A Reading List About Small Towns Where Everyone Has Something To Hide
Jon McGregor, author of ‘The Reservoir Tapes,’ on small communities that make for good storytelling
Electric Lit relies on contributions from our readers to help make literature more exciting, relevant, and inclusive. Please support our work by becoming a member today, or making a one-time donation here.
Before writing Reservoir 13 and The Reservoir Tapes, most of my fiction had been set in big cities, where the idea of community is somewhat amorphous and the edges of anyone’s territory are blurred and unclear. Starting work on a project set in a small rural town, I realised not only what pleasures this setting offers the writer — a defined network of characters, a knowable landscape, a community of shared knowledge — but also that much of my own best-loved reading has also shared this small-town setting.
American fiction is pretty much obsessed with small towns and gravel roads, of course; but Irish and Scandinavian fiction also seems repeatedly drawn back to the small community. These are places of gossip, neighbourly surveillance, and known family histories, all of which makes for good storytelling.
Small communities are also comprehendable: the anthropologist Robin Dunbar has suggested 150 as the number of people any one human can maintain genuine social connection with (although he was writing before Twitter, so), and the cast of characters in these small town novels — whether named or implied — often seems to hover around that number. These are ‘knowable communities’, as Raymond Williams puts it: knowable for the reader, and knowable for the writer.
Plainsong by Kent Haruf
Is it still possible to describe Kent Haruf as under-read, or under-appreciated? He still doesn’t seem to be a household name, but he does at least seem to be credited, regularly, as a master craftsperson of this school of writing: not minimal, but plain, and beautiful. In the book, eight disparate characters in the small town of Holt, Colorado experience profound change over the course of one year.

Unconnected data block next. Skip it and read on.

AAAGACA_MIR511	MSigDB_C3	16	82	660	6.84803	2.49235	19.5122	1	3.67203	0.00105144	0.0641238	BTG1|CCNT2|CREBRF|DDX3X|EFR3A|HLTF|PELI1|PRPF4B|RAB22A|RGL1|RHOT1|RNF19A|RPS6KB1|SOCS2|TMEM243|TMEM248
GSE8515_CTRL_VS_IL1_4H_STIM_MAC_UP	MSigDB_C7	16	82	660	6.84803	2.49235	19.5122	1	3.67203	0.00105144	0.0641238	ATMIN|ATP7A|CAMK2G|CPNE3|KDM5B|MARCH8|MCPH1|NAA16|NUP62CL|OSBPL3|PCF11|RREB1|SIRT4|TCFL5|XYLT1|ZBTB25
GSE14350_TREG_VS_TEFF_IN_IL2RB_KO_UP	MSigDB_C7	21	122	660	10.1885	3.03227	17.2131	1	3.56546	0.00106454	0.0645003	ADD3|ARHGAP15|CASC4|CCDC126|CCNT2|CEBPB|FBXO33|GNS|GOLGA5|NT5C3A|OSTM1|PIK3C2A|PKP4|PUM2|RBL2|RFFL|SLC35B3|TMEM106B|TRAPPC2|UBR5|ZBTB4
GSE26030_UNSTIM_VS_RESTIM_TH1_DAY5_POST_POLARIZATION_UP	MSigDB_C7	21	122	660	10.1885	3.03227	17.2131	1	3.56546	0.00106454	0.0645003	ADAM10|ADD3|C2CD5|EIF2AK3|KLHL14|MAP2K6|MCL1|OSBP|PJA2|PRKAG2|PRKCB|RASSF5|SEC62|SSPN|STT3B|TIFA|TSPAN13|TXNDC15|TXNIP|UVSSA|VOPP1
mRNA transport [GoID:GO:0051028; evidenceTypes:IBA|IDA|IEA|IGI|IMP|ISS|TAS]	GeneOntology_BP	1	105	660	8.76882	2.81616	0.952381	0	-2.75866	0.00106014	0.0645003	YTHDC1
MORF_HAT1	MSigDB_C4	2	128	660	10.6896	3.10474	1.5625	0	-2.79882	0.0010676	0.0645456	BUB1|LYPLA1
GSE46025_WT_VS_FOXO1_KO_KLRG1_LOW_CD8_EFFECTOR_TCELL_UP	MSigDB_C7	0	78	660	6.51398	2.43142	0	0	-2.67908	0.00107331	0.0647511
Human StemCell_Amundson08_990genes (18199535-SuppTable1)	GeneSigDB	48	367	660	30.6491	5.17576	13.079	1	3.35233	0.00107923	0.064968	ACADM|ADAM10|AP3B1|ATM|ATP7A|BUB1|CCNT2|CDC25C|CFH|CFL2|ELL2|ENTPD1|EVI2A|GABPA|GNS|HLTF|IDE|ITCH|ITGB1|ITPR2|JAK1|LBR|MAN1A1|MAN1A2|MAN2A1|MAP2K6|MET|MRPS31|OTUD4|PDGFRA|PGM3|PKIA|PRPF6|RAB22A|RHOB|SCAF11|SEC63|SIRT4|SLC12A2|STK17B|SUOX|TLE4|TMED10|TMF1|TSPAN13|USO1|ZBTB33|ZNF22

Out Stealing Horses by Per Petterson
Apparently the story of a city man retreating to a small Norwegian village and trying to fit in, Petterson’s book manages to become as much about the shadow of the second world war and the rupturing of old certainties as it is about a man pretending to know how to chop wood.
The Iron Age by Arja Kajermo, illustrations by Susanna Kajermo Torner
I sometimes suspect I have some Scandinavian genes mixed in with my Scottish and English ones; I can’t get enough of stories about wooden cabins and deep forests and frozen lakes. Arja Kajermo’s novel is memoir-like in its description of a childhood, barely a generation away, where not knowing how to chop wood meant death rather than social shame.
Housekeeping by Marilynne Robinson
The title of this reading list is ‘small towns where everybody has something to hide’, and although I guess I feel like that applies to all towns and all people and especially all the interesting stories — since without having things to hide, how do we get through life? — Marilynne Robinson’s haunting debut novel about two sisters who are raised by a succession of female relatives in a small town in Idaho probably ticks the ‘hiding things’ box more than most.
Sing, Unburied, Sing by Jesmyn Ward
Set not so much in a small town as a small family, I’ve included Jesmyn Ward’s searing novel here for all the hidden things it brings to the surface: the brutal history of America, and the broken bodies on which all those charming small towns are built. The concurrence she creates between plantation and prison is devastatingly vivid, as is the way she makes clear that these hidden things have been there in plain sight all along.
That They May Face the Rising Sun by John McGahern
This was the novel that made me want to change the way I was writing, much earlier in my career, and the novel that I came back to when I started working on Reservoir 13 and The Reservoir Tapes. It’s a classic of small town Irish literature, and McGahern’s masterpiece: one small community, scattered around a lake, one year, a lifetime of stories told with ringing simplicity.
The End of Vandalism, Hunts in Dreams, Pacific by Tom Drury
This, the Grouse County trilogy of novels written by Tom Drury over a twenty year period, is the work I keep coming back to when I want to push myself to write better: to find more nuances for my characters, to trace more carefully their detailed connections, to remember that all lives are full of humour, somewhere. I am in awe of what Drury has achieved in these books, and have been nagging people to read them for years. I don’t know what you’re waiting for.
About the Author
Jon McGregor is the author of four novels and two story collections. He is the winner of the International Dublin Literary Award, the Costa Novel Award, the Betty Trask Prize, the Somerset Maugham Award, and the American Academy of Arts and Letters E. M. Forster Award, and has been long-listed three times for the Man Booker Prize, most recently in 2017 for Reservoir 13. He is professor of creative writing at the University of Nottingham, England, where he edits The Letters Page, a literary journal in letters.